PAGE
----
What is there to be lost from talking to Hamas? This is something I really don’t get. Even if Hamas is all about destroying Israel, who says that by talking to it we are excepting its views or even aiding it in any way. Some might think we shouldn’t “legitimize” Hamas – yet to me it seems that Hamas, having won the general elections, is seen by Palestinians as a legitimate political force, and does not need Israel’s approval. More over, it seems that currently, talking to Israel is a way to delegitimize a Palestinian leader, and not the other way around.

As for the rockets, nothing prevents Israel from retaliating against them, even if it’s in the process of negotiating with Hamas or with a united Palestinian government (which I think is the best option). More than anything, the rockets seems like a desperate attempt to get attention – and such attempts are likely to go on, even if Israel develops more high-tech defensive systems or retaliates with more force. You cannot lock up more than a million people and expect nothing to happen. What positive incentive do you leave them with? Needless to say, I don’t support Hamas’ goals or its tactics of targeting civilians. I just wonder, what other options do the people have right now if they want the world to hear their voice and take them seriously?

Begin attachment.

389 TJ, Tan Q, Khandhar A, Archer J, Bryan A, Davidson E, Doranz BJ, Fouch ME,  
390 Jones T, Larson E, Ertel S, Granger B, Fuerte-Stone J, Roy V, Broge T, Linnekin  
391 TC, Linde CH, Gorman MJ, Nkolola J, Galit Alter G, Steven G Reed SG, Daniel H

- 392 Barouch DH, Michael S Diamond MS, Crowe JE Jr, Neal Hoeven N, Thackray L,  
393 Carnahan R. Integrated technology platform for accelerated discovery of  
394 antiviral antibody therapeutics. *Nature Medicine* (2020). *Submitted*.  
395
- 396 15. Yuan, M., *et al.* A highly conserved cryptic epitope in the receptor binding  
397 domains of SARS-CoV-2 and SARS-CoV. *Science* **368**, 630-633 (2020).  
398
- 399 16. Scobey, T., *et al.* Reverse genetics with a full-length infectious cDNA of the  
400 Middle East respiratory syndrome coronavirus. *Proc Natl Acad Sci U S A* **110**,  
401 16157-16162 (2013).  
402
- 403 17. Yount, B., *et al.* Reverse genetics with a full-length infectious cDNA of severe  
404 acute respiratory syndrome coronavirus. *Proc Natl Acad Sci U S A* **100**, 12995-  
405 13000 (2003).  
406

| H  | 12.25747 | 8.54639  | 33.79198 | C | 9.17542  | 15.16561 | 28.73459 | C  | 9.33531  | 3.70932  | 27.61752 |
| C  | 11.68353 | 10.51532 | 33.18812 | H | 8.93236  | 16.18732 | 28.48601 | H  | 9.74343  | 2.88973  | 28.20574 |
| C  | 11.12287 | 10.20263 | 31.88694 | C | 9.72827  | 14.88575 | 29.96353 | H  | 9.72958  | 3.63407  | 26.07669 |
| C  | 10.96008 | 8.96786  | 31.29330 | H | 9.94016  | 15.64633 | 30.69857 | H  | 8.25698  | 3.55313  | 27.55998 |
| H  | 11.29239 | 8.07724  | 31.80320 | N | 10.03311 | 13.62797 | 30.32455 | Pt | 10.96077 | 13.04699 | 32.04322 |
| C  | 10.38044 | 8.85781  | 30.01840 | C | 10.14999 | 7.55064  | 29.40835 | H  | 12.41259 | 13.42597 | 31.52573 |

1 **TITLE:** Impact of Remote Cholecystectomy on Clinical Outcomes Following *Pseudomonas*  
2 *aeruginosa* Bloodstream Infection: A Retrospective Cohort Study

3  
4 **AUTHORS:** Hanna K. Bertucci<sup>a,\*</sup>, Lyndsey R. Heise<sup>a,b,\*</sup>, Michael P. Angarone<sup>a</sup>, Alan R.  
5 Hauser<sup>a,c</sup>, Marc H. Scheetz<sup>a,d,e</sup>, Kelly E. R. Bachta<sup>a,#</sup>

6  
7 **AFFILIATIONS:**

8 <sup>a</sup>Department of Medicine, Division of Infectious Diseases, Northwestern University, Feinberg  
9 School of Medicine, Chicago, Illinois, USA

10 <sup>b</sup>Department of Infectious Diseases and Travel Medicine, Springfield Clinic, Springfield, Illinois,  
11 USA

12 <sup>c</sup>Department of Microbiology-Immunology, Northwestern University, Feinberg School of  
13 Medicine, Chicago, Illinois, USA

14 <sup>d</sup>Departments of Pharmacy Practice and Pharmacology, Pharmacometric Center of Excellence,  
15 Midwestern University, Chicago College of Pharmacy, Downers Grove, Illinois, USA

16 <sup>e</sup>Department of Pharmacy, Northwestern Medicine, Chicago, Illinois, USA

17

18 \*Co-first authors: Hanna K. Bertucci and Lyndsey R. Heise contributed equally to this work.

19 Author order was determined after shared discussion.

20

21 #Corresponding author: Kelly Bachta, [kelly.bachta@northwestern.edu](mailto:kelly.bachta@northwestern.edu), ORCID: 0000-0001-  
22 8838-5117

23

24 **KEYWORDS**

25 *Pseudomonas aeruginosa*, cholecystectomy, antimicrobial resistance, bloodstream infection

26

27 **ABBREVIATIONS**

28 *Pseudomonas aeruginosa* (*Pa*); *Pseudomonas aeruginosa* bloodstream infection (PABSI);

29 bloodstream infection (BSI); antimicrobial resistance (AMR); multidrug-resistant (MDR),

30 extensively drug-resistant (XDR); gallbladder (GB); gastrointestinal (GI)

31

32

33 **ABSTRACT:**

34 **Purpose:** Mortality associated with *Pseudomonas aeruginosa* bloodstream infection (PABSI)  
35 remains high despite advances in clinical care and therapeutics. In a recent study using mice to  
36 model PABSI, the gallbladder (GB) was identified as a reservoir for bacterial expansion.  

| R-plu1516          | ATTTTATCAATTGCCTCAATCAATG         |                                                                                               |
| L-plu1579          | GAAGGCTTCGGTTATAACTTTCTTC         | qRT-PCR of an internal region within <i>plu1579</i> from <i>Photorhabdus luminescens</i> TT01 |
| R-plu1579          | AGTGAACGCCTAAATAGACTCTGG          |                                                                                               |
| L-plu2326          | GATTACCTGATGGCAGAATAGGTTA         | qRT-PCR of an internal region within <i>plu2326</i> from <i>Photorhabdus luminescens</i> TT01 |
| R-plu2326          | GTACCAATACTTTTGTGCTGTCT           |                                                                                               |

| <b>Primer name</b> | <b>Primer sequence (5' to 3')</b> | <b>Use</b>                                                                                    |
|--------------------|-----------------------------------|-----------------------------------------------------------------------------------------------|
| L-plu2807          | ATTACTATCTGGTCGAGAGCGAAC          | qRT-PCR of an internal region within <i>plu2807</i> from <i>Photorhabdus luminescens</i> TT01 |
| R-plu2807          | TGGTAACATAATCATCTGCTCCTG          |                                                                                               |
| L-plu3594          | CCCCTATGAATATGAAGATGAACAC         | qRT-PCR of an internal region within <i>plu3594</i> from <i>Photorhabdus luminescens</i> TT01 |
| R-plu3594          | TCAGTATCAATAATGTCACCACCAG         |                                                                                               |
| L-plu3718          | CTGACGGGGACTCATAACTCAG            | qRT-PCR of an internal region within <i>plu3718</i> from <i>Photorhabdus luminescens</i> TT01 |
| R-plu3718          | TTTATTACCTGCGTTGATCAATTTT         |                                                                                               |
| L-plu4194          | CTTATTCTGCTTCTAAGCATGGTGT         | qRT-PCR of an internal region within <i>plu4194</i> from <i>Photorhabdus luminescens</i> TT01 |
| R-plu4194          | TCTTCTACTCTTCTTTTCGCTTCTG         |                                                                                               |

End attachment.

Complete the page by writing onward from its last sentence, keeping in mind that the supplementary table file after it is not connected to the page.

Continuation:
The blockade is not just a stupid policy, it’s simply morally wrong. Locking up 1.5 million people in an open air prison in order to bring a political change of their leadership cannot be justified. It does not advance peace, but rather convinces people that Israel is exercising forms of control over the Palestinians even after leaving some of the territory intended for their state. It actually makes people wonder how independent will a Palestinian state be, and quite rightly so.

I think we should begin by remembering the real people living in Gaza. When I was a kid, we used to see the day workers from Gaza in the street corners, waiting to be picked up by their employees. It was a form of exploitation and economic control, yet there was contact between Palestinians and Israelis that made it harder to dehumanize the people of Gaza the way we do now.